WASHINGTON, Aug 22 (Reuters) - The Pentagon, for the second time in recent weeks, denied on Monday a request by Washington's mayor to help receive migrants arriving from Republican-led states Texas and Arizona in a bid to shift responsibility to the federal government and Democrats.
Mayor Muriel Bowser in July called for the deployment of the District of Columbia National Guard to help with migrants, but that request was denied by the U.S. military.
She repeated her request on Aug. 11 - this time providing a specific 90-day timeline that would begin on Aug. 22.
In a letter sent to Bowser and seen by Reuters, the Pentagon said the D.C. National Guard did not have any specific training or experience in providing facility management, feeding, sanitation, or ground support to migrants.
The letter added that it would have a "substantial" impact on the readiness of the troops in D.C.
U.S. military officials have privately said for the past few years that they are being used for tasks that should be done by civilian agencies and troops should only be used as a last-resort for domestic issues.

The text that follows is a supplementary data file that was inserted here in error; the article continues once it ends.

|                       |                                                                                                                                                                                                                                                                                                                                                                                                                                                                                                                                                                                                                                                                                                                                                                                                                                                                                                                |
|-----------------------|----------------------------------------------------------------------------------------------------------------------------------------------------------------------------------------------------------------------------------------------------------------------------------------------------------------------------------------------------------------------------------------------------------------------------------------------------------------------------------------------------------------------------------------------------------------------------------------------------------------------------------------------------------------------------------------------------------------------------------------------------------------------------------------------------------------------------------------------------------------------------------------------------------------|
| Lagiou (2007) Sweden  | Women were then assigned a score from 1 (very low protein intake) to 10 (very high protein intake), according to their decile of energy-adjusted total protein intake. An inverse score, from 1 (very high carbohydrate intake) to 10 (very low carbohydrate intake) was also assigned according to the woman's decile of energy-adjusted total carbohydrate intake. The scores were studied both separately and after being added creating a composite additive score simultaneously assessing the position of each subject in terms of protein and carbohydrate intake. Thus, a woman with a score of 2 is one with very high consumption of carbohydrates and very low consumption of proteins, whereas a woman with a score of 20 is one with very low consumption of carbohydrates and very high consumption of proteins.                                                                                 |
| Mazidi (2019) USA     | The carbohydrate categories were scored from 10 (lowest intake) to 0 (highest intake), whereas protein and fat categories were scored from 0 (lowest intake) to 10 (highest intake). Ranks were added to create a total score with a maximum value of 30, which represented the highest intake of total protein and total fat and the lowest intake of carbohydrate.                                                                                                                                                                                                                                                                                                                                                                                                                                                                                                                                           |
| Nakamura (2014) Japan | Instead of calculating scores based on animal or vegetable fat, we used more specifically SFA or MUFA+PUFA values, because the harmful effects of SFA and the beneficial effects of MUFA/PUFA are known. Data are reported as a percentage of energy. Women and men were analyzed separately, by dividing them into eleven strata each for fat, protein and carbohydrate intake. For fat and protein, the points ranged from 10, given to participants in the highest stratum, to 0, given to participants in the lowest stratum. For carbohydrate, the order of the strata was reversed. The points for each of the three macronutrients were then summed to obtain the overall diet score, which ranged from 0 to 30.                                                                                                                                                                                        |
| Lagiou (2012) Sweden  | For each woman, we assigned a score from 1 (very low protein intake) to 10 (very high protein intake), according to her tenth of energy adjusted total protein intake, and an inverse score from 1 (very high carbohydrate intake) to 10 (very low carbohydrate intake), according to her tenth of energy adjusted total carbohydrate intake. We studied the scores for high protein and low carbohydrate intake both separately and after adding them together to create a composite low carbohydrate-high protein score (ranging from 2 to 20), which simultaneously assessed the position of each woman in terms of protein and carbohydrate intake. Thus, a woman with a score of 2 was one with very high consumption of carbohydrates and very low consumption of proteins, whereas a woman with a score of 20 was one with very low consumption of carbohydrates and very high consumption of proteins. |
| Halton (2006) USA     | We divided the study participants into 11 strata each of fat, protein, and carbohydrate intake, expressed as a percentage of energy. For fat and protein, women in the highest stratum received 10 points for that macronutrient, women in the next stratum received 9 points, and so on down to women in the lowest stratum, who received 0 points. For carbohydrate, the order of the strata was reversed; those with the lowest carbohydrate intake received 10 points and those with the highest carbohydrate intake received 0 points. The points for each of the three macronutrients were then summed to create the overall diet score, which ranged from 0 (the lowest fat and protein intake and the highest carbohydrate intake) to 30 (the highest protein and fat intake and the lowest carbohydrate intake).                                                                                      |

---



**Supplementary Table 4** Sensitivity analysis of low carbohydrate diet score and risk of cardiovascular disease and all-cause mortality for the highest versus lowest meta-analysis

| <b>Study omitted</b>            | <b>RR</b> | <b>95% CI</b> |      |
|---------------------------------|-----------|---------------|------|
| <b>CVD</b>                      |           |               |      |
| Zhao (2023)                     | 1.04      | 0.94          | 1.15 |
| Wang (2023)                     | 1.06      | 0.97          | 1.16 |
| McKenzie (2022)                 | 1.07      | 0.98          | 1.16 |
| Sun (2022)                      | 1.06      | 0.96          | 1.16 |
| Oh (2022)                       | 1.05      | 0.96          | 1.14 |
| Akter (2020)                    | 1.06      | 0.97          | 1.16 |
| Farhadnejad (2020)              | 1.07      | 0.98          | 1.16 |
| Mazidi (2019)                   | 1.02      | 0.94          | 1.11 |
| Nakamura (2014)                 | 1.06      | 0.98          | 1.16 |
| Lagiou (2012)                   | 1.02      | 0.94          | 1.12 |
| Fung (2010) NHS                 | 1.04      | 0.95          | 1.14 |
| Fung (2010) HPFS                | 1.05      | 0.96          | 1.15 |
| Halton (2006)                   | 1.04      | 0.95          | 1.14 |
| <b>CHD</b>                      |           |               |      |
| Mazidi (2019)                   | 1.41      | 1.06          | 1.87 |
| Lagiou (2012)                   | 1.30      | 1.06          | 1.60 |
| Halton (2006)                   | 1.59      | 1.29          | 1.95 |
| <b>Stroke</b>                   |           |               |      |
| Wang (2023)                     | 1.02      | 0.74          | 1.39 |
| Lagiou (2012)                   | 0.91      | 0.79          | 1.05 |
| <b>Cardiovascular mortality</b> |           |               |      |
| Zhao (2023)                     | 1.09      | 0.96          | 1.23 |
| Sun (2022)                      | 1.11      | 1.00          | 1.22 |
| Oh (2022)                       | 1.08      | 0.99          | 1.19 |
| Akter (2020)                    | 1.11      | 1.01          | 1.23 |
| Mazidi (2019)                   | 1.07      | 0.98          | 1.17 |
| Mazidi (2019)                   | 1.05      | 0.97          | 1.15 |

The mayor's initial request had frustrated some White House officials who thought Bowser, a Democrat, could handle the issue without military troops and was playing into Republican political attacks on President Joe Biden, a fellow Democrat. read more
Washington is not a U.S. state or part of one, so the authority to summon National Guard troops rests with the U.S. military.
The state of Texas, led by Republican Governor Greg Abbott, has bused more than 7,000 migrants to Washington since April. Arizona, which followed Texas’ lead in May, has sent about 1,500.
The vast majority of those arriving in Washington - some 85-90% - continue to other U.S. destinations within hours or days, according to volunteers.
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